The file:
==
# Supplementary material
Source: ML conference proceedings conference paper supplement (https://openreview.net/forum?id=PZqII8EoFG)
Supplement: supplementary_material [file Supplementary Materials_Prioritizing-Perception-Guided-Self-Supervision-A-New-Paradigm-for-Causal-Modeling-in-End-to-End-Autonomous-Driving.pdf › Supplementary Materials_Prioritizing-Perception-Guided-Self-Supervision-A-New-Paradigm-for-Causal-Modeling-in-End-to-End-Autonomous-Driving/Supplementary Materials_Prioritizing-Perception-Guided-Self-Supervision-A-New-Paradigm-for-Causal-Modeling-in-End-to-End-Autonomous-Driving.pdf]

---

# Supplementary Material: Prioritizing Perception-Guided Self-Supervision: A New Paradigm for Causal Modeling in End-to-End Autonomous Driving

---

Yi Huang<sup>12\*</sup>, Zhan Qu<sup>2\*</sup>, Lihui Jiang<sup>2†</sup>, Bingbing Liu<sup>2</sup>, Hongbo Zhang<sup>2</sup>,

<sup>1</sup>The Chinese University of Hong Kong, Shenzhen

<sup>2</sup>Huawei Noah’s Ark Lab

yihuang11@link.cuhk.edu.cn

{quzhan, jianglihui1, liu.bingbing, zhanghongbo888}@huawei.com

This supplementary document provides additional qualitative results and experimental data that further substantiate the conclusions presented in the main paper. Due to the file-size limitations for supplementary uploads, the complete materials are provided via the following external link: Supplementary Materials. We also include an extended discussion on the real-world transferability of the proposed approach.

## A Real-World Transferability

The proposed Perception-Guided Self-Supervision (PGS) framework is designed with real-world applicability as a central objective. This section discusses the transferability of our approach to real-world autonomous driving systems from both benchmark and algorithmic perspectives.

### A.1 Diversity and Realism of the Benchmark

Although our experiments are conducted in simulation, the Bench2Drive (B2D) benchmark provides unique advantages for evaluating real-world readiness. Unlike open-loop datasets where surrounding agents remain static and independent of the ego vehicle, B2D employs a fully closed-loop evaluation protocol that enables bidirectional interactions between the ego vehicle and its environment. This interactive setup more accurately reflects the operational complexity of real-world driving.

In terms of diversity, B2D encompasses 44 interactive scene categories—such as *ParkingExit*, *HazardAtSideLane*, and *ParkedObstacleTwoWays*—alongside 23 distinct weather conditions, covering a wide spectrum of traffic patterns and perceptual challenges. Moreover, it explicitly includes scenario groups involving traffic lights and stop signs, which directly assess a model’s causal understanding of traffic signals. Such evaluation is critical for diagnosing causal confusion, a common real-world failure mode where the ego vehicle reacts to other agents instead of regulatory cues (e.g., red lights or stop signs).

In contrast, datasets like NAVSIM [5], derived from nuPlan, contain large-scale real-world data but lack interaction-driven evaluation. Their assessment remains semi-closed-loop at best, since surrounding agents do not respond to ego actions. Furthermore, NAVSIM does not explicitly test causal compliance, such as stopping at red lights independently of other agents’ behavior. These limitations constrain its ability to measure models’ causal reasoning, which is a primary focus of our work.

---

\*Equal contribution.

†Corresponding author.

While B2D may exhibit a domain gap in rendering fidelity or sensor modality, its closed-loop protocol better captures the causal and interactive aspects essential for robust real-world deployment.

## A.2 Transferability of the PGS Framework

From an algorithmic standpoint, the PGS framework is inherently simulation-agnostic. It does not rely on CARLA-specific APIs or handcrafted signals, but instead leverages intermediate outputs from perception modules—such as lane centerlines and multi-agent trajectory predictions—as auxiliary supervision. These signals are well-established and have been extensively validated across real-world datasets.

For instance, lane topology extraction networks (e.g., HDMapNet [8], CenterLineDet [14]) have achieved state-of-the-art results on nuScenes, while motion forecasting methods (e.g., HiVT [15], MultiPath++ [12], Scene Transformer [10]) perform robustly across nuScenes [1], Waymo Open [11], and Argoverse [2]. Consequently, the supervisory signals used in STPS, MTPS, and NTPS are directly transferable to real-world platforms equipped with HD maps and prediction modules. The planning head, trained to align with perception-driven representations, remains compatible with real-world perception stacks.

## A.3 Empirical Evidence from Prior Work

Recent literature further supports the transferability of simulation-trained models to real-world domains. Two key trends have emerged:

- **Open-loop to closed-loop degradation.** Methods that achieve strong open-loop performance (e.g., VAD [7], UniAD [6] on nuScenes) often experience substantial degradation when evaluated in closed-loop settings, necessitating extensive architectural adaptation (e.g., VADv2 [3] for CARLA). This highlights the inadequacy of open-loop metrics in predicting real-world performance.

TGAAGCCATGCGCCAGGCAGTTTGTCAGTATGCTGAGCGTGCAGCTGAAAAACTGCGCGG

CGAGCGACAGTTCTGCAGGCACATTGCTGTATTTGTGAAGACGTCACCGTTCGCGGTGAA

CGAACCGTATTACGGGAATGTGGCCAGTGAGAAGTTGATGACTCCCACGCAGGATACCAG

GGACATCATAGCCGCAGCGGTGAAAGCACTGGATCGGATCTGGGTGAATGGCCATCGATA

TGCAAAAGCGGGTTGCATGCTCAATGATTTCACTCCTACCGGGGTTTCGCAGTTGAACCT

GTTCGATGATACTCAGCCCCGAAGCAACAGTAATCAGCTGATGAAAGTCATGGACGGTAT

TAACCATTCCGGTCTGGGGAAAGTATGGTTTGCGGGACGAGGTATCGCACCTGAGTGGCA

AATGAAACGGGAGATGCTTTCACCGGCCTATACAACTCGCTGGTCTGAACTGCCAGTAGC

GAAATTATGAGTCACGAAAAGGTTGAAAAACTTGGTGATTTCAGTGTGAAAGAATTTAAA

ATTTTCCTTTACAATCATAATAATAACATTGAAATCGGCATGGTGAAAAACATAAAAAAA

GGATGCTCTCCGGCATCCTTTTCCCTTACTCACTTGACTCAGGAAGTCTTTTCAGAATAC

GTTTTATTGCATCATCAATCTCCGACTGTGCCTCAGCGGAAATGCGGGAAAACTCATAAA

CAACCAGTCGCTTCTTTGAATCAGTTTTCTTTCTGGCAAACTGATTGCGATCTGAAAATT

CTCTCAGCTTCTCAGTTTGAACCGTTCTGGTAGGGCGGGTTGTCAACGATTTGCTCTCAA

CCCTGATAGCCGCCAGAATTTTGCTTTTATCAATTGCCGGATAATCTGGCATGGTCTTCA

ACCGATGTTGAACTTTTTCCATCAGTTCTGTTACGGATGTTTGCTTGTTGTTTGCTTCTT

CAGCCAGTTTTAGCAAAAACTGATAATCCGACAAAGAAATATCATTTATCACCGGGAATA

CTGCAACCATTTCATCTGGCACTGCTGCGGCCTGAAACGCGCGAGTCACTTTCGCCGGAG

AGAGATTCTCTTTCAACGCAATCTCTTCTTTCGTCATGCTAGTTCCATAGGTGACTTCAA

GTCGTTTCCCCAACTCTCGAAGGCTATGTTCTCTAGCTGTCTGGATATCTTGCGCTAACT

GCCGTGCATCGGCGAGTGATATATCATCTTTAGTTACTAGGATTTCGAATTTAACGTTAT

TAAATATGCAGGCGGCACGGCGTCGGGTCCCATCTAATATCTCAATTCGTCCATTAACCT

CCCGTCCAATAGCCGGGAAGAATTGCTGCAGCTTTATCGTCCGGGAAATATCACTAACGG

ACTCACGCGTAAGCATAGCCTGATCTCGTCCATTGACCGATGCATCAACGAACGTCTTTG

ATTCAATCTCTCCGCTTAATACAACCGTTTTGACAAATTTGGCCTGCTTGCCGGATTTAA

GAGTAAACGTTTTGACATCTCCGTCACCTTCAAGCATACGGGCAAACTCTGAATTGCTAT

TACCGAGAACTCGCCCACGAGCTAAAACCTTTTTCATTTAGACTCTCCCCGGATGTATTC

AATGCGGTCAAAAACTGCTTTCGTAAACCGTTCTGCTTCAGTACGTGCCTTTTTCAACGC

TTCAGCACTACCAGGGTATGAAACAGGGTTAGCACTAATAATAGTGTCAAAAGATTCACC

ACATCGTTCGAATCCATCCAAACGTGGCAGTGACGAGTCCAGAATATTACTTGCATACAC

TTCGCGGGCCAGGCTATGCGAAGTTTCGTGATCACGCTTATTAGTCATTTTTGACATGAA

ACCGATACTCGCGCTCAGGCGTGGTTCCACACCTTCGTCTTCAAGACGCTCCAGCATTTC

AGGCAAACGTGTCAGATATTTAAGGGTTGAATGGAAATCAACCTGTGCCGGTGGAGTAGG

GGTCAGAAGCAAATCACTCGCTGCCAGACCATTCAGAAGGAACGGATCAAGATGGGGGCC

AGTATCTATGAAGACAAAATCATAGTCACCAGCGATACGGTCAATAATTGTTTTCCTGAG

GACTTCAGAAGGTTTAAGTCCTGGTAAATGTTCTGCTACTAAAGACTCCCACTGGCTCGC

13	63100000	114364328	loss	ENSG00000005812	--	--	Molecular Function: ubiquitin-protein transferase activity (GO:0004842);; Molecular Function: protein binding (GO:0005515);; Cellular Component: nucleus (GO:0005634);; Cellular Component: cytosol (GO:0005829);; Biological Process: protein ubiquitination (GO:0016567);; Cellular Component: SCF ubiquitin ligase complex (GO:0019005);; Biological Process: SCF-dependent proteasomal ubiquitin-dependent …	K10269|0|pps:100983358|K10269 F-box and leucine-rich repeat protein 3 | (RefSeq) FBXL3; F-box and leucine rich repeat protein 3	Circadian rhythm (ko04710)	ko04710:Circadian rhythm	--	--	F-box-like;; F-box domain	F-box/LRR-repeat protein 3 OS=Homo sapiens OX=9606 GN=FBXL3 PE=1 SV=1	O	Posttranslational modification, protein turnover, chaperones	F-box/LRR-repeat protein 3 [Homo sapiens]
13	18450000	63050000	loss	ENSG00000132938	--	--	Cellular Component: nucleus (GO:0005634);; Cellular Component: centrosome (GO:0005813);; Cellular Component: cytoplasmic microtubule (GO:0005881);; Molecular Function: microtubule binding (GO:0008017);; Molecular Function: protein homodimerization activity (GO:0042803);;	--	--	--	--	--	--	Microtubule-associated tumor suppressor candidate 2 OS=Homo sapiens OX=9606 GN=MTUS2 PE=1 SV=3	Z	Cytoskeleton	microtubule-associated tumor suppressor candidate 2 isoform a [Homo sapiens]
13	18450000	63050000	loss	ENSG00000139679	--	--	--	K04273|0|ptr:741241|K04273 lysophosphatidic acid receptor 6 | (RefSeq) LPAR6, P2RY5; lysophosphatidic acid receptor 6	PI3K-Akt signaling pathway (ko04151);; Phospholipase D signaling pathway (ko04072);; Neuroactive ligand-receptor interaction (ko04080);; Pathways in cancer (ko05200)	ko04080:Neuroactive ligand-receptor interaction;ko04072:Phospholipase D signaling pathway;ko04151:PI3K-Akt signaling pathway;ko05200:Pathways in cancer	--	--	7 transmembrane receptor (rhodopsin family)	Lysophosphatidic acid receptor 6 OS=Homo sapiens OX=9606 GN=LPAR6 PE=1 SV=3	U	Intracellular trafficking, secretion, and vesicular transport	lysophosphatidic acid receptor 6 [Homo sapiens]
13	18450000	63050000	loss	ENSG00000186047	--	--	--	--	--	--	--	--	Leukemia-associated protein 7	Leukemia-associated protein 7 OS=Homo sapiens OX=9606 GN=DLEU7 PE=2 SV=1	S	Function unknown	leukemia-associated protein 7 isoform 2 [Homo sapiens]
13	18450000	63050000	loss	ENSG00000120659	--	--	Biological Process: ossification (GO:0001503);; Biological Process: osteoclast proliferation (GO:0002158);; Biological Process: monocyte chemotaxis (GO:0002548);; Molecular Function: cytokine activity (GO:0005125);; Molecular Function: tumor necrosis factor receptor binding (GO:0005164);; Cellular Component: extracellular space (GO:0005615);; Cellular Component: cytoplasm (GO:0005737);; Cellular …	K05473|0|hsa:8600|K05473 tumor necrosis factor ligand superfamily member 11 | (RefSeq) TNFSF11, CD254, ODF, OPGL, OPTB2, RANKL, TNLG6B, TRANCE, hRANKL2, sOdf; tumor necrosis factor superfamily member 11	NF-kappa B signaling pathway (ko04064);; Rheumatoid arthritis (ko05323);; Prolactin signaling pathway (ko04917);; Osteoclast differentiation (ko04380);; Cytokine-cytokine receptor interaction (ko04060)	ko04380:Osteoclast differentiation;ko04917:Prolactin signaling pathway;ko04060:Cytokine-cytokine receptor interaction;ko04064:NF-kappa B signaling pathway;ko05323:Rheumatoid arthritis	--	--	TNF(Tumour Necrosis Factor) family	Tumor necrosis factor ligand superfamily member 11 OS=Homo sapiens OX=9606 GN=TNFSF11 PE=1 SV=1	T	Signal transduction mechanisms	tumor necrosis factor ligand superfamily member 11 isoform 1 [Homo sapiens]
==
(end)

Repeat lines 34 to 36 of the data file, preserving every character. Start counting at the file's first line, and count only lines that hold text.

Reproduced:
GTTCGATGATACTCAGCCCCGAAGCAACAGTAATCAGCTGATGAAAGTCATGGACGGTAT

TAACCATTCCGGTCTGGGGAAAGTATGGTTTGCGGGACGAGGTATCGCACCTGAGTGGCA

AATGAAACGGGAGATGCTTTCACCGGCCTATACAACTCGCTGGTCTGAACTGCCAGTAGC